At the end of the film, MacNamera attempts to “Americanize” Otto as he must pretend to renounce his communist background in order to appear presentable to Scarlett’s parents. Otto vehemently resists these attempts, sticking to his belief that capitalism is an inferior system. Through a series of fast paced scenes, American capitalism ‘triumphs’ over communism through the benefits of consumerism and capitalist culture. “Consumers could choose liquids, powders, or flakes; boxes, sacks, plastic bottles, or cardboard drums” (De Grazia, 421). This quote provides a real life example of consumer culture and the production of a wide range of products in a capitalist market. MacNamera chooses between a mass of different colored suit jackets, coats, pants, and accessories to properly dress Otto as a respectable American and non-communist. In the race against time scene driving to the airport to meet with Scarlett’s parents, boxes of hats are carelessly thrown out the window until one is chosen as suitable. After a few blunders in maintaining his role, the Hazeltines fall for the façade and capitalism succeeds.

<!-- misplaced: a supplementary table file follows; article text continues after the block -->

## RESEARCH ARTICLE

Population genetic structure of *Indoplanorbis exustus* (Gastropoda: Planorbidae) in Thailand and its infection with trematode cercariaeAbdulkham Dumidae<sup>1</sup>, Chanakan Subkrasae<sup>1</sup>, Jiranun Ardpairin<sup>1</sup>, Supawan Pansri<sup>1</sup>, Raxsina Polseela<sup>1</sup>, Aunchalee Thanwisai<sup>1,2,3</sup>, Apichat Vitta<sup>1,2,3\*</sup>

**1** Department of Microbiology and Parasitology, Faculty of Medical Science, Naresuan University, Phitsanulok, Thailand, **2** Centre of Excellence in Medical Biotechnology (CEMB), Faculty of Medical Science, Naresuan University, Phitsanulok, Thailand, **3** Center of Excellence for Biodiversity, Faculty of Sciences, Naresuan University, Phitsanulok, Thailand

One, Two, Three presents a comedic take on tensions between the USSR and the United States due to the polarity of their political systems. Each character in the film is representative of their respective systems. The interactions between these characters mirror conflicts in the ideologies of the communist and capitalist system.

The US Empirical Mind

The keyword “Empire” is introduced as a debated defining characteristic in modern United States international politics. The term is debated as it carries a connotation of fierce imperialism and past fallen empires. Politicians and pundits alike tended to avoid this term in the past in order to protect and defend the United States’ identity as one acting in the interests of democracy and the betterment of foreign nations. “The use of the concept of Manifest Destiny instead of ‘empire’ gave divine sanction to U.S. expansion and implied that it was a natural and nonviolent process” (Streeby, 97). A religious aspect derived from the early Puritanical belief system adopted throughout United States history by settlers to current politicians alike, Manifest Destiny ‘gave’ the United States a God-given right and responsibility to intervene in international affairs as a police force of democracy.